THE BLOG
11/08/2009 05:12 am ET | Updated Nov 17, 2011

A Mindful Conversation with Dr. Ronald Alexander

Mindfulness is becoming a popular term these days so I thought I would learn more about it by interviewing Dr. Ronald Alexander, a leading expert on the subject and author of the just published Wise Mind, Open Mind: Finding Purpose and Meaning in Times of Crisis, Loss & Change (New Harbinger Publications)

Dr. Hank: So Ron, why did you write this book?

Dr. Alexander
: I felt passionate about providing a map for alleviating pain and suffering. I wanted to bring something fresh and original to readers who are searching for meaning and purpose in these painful times of personal, economic, and psychological change.

Dr. Hank: You are a recognized expert on the concept of Mindfulness. What exactly is mindfulness?

Dr. A: Mindfulness is a daily meditation practice for alleviating suffering. It originated around 2400 B.C. during the time of the Buddha, and is based on the idea that no one escapes what the Buddha called the wheel of change.

This practice is most useful in times of crisis as a tool for navigating the afflictions of both mind and body that accompany any change process. The more you cultivate mindfulness, the easier it is to stop running away from difficult feelings; to break out of denial, stagnation, and suffering; and to act with mindful intention.

Cultivating mindfulness is like working out in a gym, but instead of building muscle, you're building what I call mindstrength. 
You're developing the ability to quickly and easily shift out of reactive mode and become fully present in the moment, experiencing the full force of your emotions even as you recognize that they're temporary and will soon dissipate. As you remain present, you can discern whether the products of your mind can help you with self-discovery or are merely distractions.

Dr. Hank: Is mindfulness different from self-awareness?

Dr. A: Mindfulness helps you become aware of what's going on in your mind and body. This allows you to transform all of your painful and afflictive thoughts and feelings into more positive and wholesome ones.

As your practice deepens, you can also learn to move beyond this struggle with the personal self and learn to mindfully transcend the worries, anxieties, fears, and concerns of everyday mind, and drop into Wise Mind, a place of spaciousness and openness where you're free of thought, feeling, and painful bodily sensations. From there you can enter Open Mind, a deep state of creativity.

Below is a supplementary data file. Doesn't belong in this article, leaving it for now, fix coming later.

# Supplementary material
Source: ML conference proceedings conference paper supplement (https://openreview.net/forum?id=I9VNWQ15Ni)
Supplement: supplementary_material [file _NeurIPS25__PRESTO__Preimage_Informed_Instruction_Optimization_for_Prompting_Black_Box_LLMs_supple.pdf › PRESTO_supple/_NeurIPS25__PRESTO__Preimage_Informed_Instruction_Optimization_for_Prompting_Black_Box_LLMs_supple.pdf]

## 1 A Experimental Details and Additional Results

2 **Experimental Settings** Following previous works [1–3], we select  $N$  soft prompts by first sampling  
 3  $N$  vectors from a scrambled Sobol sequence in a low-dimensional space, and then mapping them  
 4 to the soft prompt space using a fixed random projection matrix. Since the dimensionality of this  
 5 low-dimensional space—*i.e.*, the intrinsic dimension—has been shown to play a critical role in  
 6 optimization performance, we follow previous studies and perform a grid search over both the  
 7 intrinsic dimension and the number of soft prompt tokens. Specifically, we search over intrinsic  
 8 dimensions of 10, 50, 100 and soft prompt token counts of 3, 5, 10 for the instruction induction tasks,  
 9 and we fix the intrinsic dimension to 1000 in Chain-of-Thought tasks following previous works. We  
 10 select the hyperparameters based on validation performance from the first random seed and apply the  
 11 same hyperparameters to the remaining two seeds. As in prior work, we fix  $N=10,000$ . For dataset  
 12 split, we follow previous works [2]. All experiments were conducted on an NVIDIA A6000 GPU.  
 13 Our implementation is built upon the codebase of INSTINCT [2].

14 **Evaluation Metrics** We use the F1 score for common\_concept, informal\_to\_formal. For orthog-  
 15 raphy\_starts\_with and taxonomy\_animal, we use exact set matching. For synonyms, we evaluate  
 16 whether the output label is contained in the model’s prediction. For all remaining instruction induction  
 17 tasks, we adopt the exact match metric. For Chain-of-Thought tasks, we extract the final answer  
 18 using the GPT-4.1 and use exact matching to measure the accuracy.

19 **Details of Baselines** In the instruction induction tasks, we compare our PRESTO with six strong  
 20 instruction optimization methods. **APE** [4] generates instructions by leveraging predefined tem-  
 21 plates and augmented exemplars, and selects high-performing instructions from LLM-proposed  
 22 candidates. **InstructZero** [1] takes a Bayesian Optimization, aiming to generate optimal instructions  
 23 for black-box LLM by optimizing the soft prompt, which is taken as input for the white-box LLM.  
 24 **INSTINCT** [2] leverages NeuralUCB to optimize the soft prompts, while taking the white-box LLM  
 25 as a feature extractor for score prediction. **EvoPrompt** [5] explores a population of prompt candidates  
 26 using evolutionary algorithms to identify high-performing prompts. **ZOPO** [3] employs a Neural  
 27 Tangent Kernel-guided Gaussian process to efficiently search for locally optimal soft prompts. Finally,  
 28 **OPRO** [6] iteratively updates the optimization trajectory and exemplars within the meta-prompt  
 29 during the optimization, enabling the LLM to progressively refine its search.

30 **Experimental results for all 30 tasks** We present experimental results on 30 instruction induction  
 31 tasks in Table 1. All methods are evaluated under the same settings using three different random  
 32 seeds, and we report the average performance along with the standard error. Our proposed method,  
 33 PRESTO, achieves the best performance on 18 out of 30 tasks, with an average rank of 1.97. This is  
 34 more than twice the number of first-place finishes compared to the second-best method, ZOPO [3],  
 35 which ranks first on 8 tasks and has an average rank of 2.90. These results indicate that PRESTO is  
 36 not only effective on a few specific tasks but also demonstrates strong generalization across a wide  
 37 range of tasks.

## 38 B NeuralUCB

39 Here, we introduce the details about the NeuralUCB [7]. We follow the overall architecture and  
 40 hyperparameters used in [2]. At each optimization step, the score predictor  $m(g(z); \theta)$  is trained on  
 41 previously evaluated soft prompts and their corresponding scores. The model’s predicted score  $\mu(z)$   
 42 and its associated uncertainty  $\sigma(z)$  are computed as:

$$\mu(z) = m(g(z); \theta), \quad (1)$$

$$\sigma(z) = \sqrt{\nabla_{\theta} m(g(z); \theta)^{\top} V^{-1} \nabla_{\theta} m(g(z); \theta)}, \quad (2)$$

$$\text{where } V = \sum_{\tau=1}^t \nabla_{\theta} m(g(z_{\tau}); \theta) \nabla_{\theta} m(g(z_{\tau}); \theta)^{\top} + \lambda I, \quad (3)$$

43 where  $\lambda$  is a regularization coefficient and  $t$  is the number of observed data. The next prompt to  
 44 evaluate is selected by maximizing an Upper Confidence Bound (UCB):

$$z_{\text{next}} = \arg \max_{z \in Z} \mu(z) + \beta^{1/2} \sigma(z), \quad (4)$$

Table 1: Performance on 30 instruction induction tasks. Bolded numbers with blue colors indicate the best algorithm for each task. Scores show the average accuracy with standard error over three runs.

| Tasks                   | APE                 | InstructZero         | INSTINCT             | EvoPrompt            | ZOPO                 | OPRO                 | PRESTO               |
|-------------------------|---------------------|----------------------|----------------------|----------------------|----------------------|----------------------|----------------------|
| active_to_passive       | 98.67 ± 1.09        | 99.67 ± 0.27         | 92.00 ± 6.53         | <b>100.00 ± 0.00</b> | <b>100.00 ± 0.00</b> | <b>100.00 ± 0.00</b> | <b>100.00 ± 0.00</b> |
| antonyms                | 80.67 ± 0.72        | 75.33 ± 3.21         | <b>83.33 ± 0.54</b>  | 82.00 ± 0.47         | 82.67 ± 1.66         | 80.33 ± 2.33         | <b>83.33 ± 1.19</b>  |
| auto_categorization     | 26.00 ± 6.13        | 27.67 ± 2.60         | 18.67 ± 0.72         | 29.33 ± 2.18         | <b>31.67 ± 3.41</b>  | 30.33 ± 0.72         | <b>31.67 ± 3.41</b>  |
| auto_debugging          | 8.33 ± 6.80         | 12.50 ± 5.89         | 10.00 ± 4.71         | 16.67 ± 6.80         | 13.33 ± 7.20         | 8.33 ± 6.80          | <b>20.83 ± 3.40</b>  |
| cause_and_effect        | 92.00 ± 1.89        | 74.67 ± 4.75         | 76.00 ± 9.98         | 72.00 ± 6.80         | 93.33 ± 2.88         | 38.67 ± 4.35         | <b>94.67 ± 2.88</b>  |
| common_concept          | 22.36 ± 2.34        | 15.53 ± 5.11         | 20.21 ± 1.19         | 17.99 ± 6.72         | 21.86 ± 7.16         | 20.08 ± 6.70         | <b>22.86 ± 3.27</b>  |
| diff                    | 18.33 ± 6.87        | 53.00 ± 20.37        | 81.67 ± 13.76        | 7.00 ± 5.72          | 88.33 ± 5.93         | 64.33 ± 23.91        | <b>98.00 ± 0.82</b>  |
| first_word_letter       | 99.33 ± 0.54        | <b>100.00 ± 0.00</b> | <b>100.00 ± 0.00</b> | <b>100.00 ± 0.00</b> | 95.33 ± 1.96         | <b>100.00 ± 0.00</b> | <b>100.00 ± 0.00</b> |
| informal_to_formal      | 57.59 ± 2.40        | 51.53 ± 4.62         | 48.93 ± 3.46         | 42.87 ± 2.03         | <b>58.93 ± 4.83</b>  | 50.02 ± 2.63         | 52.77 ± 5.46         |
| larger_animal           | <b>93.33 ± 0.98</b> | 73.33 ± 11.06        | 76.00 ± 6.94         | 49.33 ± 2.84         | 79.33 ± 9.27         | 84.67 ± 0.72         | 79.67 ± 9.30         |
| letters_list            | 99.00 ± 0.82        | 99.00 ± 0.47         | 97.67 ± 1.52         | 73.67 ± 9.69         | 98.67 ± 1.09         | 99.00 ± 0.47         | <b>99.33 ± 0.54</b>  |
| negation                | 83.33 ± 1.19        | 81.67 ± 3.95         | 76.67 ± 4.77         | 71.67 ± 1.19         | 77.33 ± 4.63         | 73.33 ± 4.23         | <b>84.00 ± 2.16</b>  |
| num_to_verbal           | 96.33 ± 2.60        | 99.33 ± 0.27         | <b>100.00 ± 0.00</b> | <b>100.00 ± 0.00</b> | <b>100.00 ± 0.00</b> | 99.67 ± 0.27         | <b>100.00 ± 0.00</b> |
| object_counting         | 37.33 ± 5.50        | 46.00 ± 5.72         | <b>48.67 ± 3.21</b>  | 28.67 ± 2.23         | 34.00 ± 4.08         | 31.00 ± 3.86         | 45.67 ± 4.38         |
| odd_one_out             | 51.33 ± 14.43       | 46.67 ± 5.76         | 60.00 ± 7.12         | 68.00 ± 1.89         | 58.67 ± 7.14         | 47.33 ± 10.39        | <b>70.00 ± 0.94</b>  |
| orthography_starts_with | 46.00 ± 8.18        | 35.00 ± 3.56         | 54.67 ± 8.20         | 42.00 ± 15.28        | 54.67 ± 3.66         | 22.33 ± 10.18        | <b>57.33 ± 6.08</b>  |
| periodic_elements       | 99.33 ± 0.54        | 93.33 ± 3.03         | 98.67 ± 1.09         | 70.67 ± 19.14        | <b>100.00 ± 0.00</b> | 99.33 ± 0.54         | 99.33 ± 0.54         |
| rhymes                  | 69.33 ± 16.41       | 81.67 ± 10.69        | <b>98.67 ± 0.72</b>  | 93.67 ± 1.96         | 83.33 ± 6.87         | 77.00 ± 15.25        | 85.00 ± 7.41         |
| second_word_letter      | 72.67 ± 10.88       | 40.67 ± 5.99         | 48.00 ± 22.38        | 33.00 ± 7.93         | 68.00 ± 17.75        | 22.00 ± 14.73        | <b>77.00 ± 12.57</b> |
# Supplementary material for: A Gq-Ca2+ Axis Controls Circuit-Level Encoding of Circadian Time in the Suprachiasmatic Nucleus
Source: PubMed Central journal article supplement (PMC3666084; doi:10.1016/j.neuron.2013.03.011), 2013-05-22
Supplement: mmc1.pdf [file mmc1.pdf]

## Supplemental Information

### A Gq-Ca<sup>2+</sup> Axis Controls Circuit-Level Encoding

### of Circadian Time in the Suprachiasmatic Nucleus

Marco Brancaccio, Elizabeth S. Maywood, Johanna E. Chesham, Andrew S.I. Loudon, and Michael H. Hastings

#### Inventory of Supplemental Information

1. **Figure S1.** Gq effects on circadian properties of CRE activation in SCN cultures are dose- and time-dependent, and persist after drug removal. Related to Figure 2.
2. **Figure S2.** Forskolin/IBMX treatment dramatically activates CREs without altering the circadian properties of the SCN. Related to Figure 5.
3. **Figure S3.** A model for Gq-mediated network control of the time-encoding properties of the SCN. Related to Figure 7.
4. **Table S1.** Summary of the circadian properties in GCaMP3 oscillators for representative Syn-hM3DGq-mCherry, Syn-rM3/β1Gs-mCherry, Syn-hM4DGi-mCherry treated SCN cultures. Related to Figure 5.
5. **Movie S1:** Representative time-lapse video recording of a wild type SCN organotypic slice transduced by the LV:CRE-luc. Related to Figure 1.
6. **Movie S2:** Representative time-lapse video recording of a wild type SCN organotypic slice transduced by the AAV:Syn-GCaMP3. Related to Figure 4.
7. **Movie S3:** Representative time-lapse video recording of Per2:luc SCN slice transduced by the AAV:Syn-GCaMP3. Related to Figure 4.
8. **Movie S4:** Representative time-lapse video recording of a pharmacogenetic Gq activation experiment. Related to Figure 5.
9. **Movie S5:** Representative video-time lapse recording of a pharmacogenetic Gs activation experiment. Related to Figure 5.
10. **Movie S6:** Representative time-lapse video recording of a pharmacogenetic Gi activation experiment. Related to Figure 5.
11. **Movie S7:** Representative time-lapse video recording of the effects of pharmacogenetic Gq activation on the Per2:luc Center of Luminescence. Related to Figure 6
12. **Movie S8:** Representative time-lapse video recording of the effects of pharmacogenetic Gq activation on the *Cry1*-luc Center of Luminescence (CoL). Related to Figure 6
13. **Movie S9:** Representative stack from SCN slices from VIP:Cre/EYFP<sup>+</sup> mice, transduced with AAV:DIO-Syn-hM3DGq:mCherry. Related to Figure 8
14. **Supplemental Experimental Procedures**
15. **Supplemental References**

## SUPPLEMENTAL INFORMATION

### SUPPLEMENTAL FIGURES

Dr. Hank: How do you practice mindfulness?

Dr. A: The time of day isn't important; the regular practice is. Ideally, it should be practiced for 20 to 30 minutes twice a day but it's better to start doing 10 minutes once a day than aiming for the overall goal and then feeling overwhelmed by it and falling short. Use a timer to ensure that you meditate for as long as you planned.

Try to meditate at the same time each day, in the same quiet and serene place, such as sitting down in your office chair for the first time in the morning, or sitting in your car. Choose a time and place where distractions will be minimal.

There are four steps to mindfulness meditation: First, close your eyes but keep them focused on the spot between your eyebrows near the top of your nose. Second, place your hands palms up on your thighs or palms down in your lap. Third, pay attention to your breath, saying to yourself "rising" and "falling" with each inhalation and exhalation. Fourth, Be aware as you breathe in and out, and mentally note the thoughts, feelings, sounds, tastes, smells, and physical sensations (such as itching, pain or discomfort, or feelings of heaviness and lightness) you experience. Don't analyze any of what you're noting. Simply be present, open, alert, and watchful as you allow the witnessing mind to emerge.

Dr. Hank: For most people, times are tough. How can you use mindfulness to deal with the economic turmoil that is all of us?

Dr A: By being mindful of, and accepting of, the impermanence of life. Buddhism teaches that there are cycles of change. What is barren land will eventually provide delicious and ripe new fruit. The task is to accept the impermanence of our situations and not to fight against the losses or sorrows. If you watch a river, you'll notice that it is always moving and changing. Something I find comforting is to tell myself that all my prized possessions are on loan to me while I'm on this planet. One day, we all must let go and return everything that we've held near and dear.

Dr Hank: How can I enhance my mindfulness?

Dr. A: You might create a Mindfulness Journal. After doing mindfulness meditation, note in your journal everything that came up that seems to have substance. Often when we are meditating, we're able to capture creative nuggets or precious gems like a miner panning for gold. Get into a habit of writing down and exploring your thoughts after meditating because this can lead to mental states of deep creativity. You discover opportunities and possibilities that might never have come to you otherwise.

Dr. Hank: I want to thank you for the time and hope that everyone will be mindful enough to buy your new book--it is a real mind opener! Congrats!